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  • Writer's picturecotswoldmeridianth

Are events from my past still holding me back from living my best life now?

I use EFT tapping with adults whose lives improve once they revisit certain memories from their past. EFT assists in the completion of necessary psychological and physical processes that somehow got ’interrupted’ The body and mind is then able to move back towards health.


Rachel’s story

‘Rachel’ (not her real name) is a forty something healthcare professional referred to me by a friend. Rachel was increasingly worried about leaving the house, her driving ability was declining, her social life was suffering. Feeling trapped in her job, and with 2 young children, she couldn’t leave because her anxiety meant she needed to be able to drive longer distances. She needed someone in the car with her, support driving to work, friends would have to meet her in lay- bys en route so she could feel safe enough to complete her journey. Something had to be done. Sceptical about tapping, as she had tried everything for her anxiety, Rachel was surprised that many of her symptoms of anxiety which were shrinking her life lay in her early adulthood. Once revisited and addressed, the memory was completed, and the issue was dealt with.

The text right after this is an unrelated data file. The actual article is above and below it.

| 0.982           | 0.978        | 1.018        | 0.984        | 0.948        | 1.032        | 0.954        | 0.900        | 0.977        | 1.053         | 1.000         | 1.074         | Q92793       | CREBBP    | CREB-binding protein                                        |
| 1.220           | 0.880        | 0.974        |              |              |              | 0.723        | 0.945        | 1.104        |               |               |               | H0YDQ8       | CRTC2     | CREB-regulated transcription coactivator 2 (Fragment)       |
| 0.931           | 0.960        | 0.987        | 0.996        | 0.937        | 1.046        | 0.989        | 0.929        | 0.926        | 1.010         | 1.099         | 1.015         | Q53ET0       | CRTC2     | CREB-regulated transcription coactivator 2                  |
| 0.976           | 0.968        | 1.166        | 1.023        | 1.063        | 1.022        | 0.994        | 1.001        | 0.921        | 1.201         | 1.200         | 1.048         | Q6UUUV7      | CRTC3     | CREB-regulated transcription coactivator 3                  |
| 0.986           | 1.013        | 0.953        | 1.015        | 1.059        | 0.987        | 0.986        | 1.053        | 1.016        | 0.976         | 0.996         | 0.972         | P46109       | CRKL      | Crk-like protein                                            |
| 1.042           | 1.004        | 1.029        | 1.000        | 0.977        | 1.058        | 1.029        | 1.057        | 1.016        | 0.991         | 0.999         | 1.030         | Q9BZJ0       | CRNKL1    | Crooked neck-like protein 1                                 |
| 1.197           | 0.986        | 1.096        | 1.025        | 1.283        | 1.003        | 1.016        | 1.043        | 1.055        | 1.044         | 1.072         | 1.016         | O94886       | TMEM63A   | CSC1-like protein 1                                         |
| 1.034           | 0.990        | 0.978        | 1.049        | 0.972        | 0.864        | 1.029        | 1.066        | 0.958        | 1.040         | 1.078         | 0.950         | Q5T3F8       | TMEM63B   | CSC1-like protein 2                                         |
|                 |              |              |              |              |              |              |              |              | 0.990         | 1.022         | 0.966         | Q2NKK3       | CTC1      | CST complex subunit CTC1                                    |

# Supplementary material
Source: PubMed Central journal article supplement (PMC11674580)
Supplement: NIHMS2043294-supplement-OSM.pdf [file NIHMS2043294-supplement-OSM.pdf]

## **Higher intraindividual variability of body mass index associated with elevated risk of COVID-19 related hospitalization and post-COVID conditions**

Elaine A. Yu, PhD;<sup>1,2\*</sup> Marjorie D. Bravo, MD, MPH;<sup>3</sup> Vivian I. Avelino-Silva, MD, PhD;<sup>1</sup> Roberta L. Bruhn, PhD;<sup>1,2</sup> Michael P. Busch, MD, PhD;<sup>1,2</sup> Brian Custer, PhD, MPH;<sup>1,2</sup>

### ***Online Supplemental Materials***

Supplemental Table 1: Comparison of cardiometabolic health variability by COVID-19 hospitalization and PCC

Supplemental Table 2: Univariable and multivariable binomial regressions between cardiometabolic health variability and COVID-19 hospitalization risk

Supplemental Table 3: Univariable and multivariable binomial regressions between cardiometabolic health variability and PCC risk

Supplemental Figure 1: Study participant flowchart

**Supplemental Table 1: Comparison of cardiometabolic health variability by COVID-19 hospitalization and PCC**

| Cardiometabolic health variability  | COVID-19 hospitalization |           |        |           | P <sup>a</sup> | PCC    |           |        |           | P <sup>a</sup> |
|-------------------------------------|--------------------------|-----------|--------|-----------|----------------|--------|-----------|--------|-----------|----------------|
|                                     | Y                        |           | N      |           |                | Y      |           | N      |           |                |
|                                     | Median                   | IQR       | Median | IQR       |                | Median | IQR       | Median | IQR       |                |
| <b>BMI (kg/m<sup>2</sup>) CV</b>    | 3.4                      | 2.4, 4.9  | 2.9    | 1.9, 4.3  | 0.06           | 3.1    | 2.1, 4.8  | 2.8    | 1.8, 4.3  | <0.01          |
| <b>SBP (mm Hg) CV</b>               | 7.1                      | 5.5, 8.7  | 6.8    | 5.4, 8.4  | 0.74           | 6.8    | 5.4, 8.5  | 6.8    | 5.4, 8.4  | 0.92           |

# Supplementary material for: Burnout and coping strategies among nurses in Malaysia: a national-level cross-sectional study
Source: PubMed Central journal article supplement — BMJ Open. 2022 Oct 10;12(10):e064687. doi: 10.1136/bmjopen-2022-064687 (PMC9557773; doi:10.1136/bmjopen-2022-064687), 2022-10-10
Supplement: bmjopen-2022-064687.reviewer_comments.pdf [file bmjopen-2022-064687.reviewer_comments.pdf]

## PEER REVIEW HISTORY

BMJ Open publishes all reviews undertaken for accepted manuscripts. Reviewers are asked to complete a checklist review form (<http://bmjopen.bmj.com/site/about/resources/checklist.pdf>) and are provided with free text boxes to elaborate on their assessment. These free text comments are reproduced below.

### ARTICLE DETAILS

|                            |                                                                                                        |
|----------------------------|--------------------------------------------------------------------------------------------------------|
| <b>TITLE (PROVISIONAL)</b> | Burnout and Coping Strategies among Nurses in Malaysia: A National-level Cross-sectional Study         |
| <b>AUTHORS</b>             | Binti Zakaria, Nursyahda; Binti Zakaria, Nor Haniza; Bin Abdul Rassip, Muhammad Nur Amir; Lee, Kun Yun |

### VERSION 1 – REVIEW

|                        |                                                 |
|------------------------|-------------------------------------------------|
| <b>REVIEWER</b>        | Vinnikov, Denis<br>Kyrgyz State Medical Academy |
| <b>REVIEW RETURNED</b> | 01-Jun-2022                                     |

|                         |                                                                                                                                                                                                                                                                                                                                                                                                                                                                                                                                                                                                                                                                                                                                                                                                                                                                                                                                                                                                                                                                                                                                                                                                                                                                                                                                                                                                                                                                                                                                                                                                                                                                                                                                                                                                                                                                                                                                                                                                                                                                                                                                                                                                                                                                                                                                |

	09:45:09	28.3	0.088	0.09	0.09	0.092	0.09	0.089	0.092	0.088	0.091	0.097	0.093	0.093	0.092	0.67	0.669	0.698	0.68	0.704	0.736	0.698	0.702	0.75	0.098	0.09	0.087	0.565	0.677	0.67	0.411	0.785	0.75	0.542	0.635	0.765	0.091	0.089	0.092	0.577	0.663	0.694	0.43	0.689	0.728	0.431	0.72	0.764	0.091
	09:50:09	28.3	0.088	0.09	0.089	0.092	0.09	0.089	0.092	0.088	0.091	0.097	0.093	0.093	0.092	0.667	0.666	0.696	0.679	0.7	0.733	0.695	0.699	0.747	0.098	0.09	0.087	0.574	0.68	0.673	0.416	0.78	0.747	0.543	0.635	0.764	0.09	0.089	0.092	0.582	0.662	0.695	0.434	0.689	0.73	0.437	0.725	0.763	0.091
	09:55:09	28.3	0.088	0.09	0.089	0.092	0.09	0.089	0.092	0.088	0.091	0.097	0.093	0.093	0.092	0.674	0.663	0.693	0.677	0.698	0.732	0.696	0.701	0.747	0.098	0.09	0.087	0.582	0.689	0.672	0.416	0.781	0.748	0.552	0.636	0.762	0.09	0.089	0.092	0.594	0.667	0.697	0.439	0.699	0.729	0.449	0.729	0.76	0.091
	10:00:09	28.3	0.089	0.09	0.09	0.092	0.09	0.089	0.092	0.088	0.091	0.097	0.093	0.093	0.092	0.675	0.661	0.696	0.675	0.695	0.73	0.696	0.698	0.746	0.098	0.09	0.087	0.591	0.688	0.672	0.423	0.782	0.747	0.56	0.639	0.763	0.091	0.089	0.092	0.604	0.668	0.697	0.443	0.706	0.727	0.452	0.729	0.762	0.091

In session, I asked Rachel to describe her symptoms, at the heights of her anxiety when she was about to leave for work and walking out of the door to the car. Rachel shared images, thoughts, feelings, physical symptoms that came up. I noted down everything linked to how Rachel was feeling about her issue. By tapping together in a sequence on a series of acupressure points on the face and upper body, more thoughts and feelings began to float into her mind, until she alighted on some recent events which we dealt with, by tapping the acupressure sequence together.